I want to challenge the viewer to question the textures, patterns, and organic entities placed before them as I strip materials from their commonplace function. Light is important because it emphasizes a blurred distinction between familiar reflective surfaces and in some cases creates a paradox of fragility. I want to make the mundane mystical.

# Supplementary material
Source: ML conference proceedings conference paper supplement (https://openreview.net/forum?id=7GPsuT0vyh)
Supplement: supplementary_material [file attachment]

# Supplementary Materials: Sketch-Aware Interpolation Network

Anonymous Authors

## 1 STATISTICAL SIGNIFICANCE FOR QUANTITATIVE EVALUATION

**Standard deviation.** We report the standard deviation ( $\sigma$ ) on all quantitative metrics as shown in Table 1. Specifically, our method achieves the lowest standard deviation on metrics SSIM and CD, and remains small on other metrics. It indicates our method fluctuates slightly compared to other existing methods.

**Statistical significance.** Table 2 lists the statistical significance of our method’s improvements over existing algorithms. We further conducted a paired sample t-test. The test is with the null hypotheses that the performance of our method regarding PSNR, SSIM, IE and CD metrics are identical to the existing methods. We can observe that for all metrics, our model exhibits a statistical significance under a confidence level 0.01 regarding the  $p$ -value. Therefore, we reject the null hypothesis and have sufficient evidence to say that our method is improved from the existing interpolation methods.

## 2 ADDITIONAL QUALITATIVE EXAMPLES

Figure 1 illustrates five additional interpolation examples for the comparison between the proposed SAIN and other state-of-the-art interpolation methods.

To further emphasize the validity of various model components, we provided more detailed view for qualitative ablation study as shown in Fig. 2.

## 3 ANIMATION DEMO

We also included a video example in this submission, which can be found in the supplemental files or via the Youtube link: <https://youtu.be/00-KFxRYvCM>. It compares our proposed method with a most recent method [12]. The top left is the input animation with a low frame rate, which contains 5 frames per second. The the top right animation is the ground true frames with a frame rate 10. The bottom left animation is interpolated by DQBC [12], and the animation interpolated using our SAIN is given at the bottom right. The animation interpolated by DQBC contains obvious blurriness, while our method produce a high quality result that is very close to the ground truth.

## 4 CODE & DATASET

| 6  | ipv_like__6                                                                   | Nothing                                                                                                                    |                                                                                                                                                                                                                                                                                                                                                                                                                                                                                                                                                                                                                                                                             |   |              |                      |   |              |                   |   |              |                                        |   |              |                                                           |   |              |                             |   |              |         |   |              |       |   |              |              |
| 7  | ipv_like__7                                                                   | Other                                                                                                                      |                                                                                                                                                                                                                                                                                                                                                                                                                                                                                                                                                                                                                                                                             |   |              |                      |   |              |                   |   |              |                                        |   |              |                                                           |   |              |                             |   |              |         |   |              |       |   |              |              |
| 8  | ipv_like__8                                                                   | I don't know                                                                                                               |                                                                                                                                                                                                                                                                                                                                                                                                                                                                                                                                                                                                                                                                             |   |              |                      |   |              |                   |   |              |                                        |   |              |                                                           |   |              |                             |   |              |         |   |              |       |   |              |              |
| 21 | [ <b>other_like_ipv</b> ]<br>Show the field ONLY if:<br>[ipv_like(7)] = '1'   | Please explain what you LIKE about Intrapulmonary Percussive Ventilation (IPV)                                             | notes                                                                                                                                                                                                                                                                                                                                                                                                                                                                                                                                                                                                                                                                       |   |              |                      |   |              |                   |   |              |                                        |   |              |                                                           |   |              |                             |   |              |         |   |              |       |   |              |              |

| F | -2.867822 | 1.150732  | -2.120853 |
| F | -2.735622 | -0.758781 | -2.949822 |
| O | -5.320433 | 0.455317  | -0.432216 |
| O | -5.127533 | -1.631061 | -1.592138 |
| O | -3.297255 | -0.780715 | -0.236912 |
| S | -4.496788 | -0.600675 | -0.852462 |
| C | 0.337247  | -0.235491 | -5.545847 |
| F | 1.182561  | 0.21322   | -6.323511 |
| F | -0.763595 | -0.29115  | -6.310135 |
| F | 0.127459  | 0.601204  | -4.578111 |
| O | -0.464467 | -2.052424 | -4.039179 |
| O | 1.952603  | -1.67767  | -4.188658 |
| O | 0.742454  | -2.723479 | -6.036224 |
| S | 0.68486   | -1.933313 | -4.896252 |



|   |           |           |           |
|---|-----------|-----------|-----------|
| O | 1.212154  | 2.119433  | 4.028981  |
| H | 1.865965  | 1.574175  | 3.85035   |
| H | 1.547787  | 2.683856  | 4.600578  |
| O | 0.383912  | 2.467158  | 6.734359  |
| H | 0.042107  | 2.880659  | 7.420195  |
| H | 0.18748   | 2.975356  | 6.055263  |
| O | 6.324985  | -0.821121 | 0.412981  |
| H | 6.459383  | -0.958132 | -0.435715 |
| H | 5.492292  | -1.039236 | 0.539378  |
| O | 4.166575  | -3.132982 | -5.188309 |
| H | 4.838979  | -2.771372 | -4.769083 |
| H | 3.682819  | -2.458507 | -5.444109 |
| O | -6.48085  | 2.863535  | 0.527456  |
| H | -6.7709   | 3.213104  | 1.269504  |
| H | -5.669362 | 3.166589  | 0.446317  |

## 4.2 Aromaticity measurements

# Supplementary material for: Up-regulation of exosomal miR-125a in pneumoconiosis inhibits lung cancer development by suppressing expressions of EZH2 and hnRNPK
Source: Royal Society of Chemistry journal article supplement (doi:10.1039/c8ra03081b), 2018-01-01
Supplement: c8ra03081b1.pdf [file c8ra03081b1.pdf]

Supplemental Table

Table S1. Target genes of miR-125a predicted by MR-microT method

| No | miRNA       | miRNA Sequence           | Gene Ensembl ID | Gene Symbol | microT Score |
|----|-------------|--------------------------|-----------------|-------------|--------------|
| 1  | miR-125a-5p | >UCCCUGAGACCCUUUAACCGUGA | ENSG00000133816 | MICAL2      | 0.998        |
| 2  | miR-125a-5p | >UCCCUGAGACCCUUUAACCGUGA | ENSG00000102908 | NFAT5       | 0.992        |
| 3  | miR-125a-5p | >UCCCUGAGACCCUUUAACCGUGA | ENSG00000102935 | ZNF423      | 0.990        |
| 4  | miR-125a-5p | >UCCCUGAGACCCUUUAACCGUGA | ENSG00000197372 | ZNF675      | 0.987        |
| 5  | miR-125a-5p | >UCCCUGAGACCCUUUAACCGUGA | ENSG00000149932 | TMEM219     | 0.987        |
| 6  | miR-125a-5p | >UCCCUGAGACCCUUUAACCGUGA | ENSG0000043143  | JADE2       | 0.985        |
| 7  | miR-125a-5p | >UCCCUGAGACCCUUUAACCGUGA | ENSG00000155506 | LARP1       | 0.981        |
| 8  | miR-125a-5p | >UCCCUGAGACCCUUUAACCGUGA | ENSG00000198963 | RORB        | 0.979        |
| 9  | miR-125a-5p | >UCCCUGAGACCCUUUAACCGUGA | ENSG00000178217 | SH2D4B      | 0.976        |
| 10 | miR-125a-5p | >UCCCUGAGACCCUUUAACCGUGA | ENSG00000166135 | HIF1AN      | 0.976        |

The process used for this ongoing exploration, entitled "It Was All A Blur," is inspired by my childhood crafts that featured homemade glue-and-marker bookmarks and meals dyed with food coloring. After losing my father to a battle with cancer and moving home with my mother because of the pandemic, I find myself surrounded by these childhood memories juxtaposed with thoughts of death, afterlife, unknown, and the beyond. The blur from the pouring and layering of the glue sheets and its translucent properties provides an entrance into a depth that cannot be measured, yet indicates the passage of time. The blur is transcendence. I am working toward understanding this internal emotional struggle of simultaneously existing in the past, present, and future. These works are windows into the fourth dimension and allow me to move closer to reconciling existence in all its forms.